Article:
27
C0D4
350d

Wow, I'm going to have a hard time remembering this one.

IT have changed after so many years the password criteria for our machines, to the point it's a bit ridiculous.

Like I'm all for securing your accounts and using random passwords but, this is rough.

Minimum of 14 chars
Not the past 6 passwords
Must contain several %}*]=[^{
Must contains numbers
Must contain upper case letters
Must contain Lower case letters
Must not end in a number
Must sacrifice a virgin on every login
Must be changed every 30 days

Comments
  • 21
    All are valid and important, except that last one.
  • 8
    If we're not speaking browser based access, but machine logons, then there's no way out but to write down the passwords. Congrats to IT.
  • 8
    @Root that last one takes the cake, by the time I get to a point of being able to remember this thing, it's going to be gone again 🥲

    @Fast-Nop O365 + machine login.
    So yea it's got to be put somewhere else, a typical person will just post-it note it to the screen. Guess my personal password manager just became the company one too 🤷‍♂️
  • 3
    wait, no 2fa?
  • 3
    @SuspiciousBug there's MFA for 0356 + most internal services, not machines though.

    not sure windows can even do MFA for machine login 🤔

    *a short time passes*

    A quick search shows it's not native anyway.
  • 6
    Is "must not end in a number" the mitigation of "You have this and that password requirement and each month you need to increment the number at the end by 1"?
  • 8
    @StopMotionCuber Yeah so you append some character at the end and put the number before that.
  • 7
    @StopMotionCuber

    what's stopping it from increasing it alphabetically?
  • 2
  • 4
    @mr-user don't do that too me 😅

    Or just adding the same last letter to the end

    MySuperPassword1a
    MySuperPassword1aa
    MySuperPassword1aaa
  • 7
    Change it to FuckY0urPa55wordPolicy!!! Add an extra ! each month.
    Although I’m all for strong passwords the main issue when they’re too complicated, is that most people then write them down. Making the whole policy redundant. It just means that IT aren’t to blame if someone’s password gets stolen.
  • 1
    @UnicornPoo

    How about using other identity management like facial recognition?
  • 10
    Do you want password written on sticky notes?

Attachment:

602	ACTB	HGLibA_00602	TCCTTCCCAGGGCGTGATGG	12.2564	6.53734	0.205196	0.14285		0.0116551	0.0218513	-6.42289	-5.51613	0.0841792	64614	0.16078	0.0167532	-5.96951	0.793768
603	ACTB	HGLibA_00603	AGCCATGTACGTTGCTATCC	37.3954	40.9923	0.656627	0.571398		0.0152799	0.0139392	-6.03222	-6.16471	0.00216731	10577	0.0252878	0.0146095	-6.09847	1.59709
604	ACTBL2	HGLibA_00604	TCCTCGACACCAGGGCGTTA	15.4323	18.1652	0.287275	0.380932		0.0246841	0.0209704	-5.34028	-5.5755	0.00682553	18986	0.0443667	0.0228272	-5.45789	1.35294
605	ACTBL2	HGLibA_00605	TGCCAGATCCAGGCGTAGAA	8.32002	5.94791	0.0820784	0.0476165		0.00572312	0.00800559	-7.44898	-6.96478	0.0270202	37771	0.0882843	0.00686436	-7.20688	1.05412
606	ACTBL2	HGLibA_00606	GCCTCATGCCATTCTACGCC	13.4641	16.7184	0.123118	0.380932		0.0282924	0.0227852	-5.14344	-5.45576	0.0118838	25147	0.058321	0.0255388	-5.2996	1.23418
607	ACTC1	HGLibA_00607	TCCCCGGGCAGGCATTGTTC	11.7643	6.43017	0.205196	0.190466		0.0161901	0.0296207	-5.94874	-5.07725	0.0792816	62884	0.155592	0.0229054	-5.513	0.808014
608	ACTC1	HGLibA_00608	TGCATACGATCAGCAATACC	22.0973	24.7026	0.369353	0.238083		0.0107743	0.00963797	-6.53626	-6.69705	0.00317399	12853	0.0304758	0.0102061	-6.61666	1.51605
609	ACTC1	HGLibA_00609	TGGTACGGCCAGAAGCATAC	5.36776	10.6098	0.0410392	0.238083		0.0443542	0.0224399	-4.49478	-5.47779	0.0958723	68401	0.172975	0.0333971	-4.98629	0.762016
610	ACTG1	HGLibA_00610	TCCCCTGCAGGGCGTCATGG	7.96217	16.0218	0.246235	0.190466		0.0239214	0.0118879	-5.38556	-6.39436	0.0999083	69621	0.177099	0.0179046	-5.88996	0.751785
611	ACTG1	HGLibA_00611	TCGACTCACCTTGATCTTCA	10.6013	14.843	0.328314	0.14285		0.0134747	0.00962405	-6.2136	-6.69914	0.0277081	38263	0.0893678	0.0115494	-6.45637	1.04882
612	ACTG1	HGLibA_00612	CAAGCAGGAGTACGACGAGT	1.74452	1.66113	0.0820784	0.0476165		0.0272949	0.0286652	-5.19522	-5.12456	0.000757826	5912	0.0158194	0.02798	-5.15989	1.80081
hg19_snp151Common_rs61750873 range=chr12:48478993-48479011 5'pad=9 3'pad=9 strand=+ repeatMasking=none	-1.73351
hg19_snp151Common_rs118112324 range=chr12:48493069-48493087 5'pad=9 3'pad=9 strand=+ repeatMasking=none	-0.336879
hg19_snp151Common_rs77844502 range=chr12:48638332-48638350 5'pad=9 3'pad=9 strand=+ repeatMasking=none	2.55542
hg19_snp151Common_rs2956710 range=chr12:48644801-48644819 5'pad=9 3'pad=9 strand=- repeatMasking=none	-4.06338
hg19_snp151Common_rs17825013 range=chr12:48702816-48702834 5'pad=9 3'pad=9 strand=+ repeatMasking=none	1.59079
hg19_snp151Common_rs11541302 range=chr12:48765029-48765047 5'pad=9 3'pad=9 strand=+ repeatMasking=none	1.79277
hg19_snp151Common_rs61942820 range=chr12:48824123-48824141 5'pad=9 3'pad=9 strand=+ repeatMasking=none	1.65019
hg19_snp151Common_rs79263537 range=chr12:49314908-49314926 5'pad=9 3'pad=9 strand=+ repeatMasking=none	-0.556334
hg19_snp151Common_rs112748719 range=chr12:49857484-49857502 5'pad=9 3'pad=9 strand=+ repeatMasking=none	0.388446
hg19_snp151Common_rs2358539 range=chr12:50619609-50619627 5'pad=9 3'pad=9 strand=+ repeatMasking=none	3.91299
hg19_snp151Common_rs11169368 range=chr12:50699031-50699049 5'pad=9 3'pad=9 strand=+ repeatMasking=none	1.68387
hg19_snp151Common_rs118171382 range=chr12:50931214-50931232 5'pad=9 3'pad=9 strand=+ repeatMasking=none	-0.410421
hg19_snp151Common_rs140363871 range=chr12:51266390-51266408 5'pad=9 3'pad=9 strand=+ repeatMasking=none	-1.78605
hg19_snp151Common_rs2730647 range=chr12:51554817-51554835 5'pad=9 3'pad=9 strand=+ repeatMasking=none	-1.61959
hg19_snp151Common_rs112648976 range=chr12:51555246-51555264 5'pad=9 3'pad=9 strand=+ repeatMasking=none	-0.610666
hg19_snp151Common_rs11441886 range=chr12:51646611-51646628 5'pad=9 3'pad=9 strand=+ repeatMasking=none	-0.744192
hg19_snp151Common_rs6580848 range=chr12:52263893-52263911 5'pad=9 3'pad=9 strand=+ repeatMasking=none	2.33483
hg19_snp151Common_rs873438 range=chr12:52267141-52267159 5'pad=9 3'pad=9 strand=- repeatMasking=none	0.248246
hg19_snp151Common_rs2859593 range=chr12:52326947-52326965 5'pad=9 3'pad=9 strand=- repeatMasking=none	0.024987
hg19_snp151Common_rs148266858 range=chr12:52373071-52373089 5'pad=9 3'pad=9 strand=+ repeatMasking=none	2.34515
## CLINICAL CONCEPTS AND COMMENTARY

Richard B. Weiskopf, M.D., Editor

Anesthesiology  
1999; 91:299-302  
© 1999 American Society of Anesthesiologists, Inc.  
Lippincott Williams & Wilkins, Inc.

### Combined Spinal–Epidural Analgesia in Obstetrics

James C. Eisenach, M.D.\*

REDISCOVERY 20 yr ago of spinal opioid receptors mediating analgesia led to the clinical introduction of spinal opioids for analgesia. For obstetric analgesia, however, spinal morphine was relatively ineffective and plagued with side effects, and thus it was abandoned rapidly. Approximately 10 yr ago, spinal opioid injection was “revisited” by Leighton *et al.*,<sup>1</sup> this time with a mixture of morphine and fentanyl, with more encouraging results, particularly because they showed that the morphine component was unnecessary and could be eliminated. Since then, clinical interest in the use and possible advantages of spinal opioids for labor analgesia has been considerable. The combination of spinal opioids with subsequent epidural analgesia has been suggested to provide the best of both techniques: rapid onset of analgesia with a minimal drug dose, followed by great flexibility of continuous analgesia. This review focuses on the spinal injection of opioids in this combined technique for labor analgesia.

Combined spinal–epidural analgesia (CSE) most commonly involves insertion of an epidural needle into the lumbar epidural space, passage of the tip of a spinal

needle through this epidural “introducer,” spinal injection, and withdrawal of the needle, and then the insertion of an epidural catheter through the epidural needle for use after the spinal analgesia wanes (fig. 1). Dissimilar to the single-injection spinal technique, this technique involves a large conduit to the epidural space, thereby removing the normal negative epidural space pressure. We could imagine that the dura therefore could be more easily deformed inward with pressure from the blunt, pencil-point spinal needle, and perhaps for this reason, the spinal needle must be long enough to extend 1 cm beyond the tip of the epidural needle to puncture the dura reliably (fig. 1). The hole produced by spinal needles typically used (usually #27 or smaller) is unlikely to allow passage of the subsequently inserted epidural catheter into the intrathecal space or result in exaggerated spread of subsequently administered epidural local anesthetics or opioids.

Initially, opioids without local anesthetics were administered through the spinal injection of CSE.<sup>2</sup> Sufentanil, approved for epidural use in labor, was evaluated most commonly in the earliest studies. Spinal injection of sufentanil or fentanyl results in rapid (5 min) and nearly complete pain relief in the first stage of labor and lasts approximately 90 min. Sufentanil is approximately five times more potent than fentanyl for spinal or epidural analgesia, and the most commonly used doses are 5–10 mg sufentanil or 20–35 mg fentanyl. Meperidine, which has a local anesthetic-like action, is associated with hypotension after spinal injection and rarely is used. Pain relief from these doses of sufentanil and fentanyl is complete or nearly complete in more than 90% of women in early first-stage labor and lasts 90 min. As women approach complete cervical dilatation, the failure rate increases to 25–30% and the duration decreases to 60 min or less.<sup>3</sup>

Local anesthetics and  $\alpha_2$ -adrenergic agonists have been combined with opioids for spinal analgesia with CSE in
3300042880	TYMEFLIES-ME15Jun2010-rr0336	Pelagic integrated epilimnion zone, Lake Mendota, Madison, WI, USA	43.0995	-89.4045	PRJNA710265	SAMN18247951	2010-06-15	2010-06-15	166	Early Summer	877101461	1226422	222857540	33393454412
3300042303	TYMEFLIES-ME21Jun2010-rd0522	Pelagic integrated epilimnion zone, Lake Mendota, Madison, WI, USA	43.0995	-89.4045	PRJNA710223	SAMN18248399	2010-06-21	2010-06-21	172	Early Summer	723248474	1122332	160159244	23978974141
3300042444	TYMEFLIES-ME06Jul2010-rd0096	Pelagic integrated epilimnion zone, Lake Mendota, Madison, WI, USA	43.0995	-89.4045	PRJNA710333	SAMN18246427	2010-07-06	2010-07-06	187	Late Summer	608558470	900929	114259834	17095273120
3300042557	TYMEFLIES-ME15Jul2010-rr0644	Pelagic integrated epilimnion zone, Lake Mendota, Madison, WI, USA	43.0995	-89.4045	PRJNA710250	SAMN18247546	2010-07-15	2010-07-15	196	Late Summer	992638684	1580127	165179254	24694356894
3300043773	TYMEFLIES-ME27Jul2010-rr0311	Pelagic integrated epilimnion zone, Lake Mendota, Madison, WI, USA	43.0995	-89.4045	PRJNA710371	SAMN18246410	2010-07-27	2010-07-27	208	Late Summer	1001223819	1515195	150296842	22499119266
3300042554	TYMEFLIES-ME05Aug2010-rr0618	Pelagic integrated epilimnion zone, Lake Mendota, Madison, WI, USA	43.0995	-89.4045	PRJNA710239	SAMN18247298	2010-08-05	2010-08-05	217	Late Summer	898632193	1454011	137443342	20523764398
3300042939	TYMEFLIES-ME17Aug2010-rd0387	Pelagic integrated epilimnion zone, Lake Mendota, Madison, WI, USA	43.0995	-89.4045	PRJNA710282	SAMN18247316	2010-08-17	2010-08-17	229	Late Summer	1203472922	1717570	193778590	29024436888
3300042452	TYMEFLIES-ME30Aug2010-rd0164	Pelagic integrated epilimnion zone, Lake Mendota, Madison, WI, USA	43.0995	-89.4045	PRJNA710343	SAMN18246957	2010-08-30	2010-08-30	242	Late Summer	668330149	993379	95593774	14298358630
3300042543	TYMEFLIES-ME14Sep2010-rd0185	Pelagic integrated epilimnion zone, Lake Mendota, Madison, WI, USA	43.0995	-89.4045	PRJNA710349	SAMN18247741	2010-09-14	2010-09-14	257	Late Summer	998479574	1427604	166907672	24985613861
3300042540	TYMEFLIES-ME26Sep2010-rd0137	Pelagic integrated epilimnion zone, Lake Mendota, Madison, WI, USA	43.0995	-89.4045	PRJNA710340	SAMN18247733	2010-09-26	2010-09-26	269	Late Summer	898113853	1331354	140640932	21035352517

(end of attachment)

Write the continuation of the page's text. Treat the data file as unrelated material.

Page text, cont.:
Because that's how you get passwords written on sticky notes
  • 2
    ...

    Windows has quite a few ways to completely move away from passwords. Why does nobody use this?
    A few buzzwords are "hello for business" and "virtual smartcards". One would only enter their pin / use biometrics, and if SSO is properly configured, one will never enter any password to use any web application.
    This is neither expensive (virtual smartcards: nothing, HfB and SSO: >2 Windows Server license) nor difficult to setup.

    Anyway, call your IT every 30 days (even better with a few colleagues), telling them you forgot your newly set password ;)
  • 2
    @sbiewald yes this last part definitely.

    Be compliant and to letter of the rules, but annoy the fuck out of them because of those rules. Make them change the rules because they can no longer handle the responsibility of upholding their own rules.
  • 1
    @C0D4, @Fast-Nop & @SuspiciousBug
    That's why we have biometric multi factor authentication.
    Xign.Me of the XignSys GmbH.
  • 0
    @sbiewald
    'virtual' smartcards?
    Well, for once, additional personal authentication devices a costly.
    Then, has MS gotten around to actually mastering their trade offer?
  • 0
    @UnicornPoo, @mr-user & @CuberDude
    .this
    Thank you
  • 1
    @scor Most (business) computers have trusted platform modules (TPM). Even though they are not perfect, they essentially have the same purpose and functions as smart cards (besides being non removable).

    Therefore, windows can use them as if they were one.
    There are no licenses required.
  • 0
    @sbiewald

    Yes. TPM. But had never heard of the virtual smartcards term.

    If one can emulate them, or (they might be) they are an abstract concept that can freely be implemented, that's good news.

    Do they allow logging in to a machine securely? And sadly, Windows Hello is not ripe for the market in the thought of validating transactions or opening business content to this 'authentication' method. Talking of spoof ad temper proof.

    What I am hinting and demanding is a contract signature trust level.
  • 1
    @scor Virtual and real smart cards replace the password in the kerberos tgt requesf, instead doing pkinit with a certificate.
    For NTLM (if not disabled) the NT hash is requested from the domain controller and can be randomized.
    The certificate on the TPM/smart card is to be issued by the domain controller and contains the username and optional groups, though the latter only reliably works on "always online" devices.

    A TPM cannot be emulated, as it is a chip on the mainboard or in the CPU firmware. Of course a hypervisor can fake hardware for VMs. They are generally designed to be tamper resistant, but can of course have vulnerabilities like any other device.
    Keys stored on it can be used, but not extracted.
    Besides for Windows authentication, other certificates can be stored as well.

    This might not be perfect, but undoubtly a lot better than passwords.
  • 1
    Oooooh well......most Big tech comapnies are working on completely removing the "password" feature
    #Google #Apple ...
  • 1
    And #XignSys

    @Taqsblaz3
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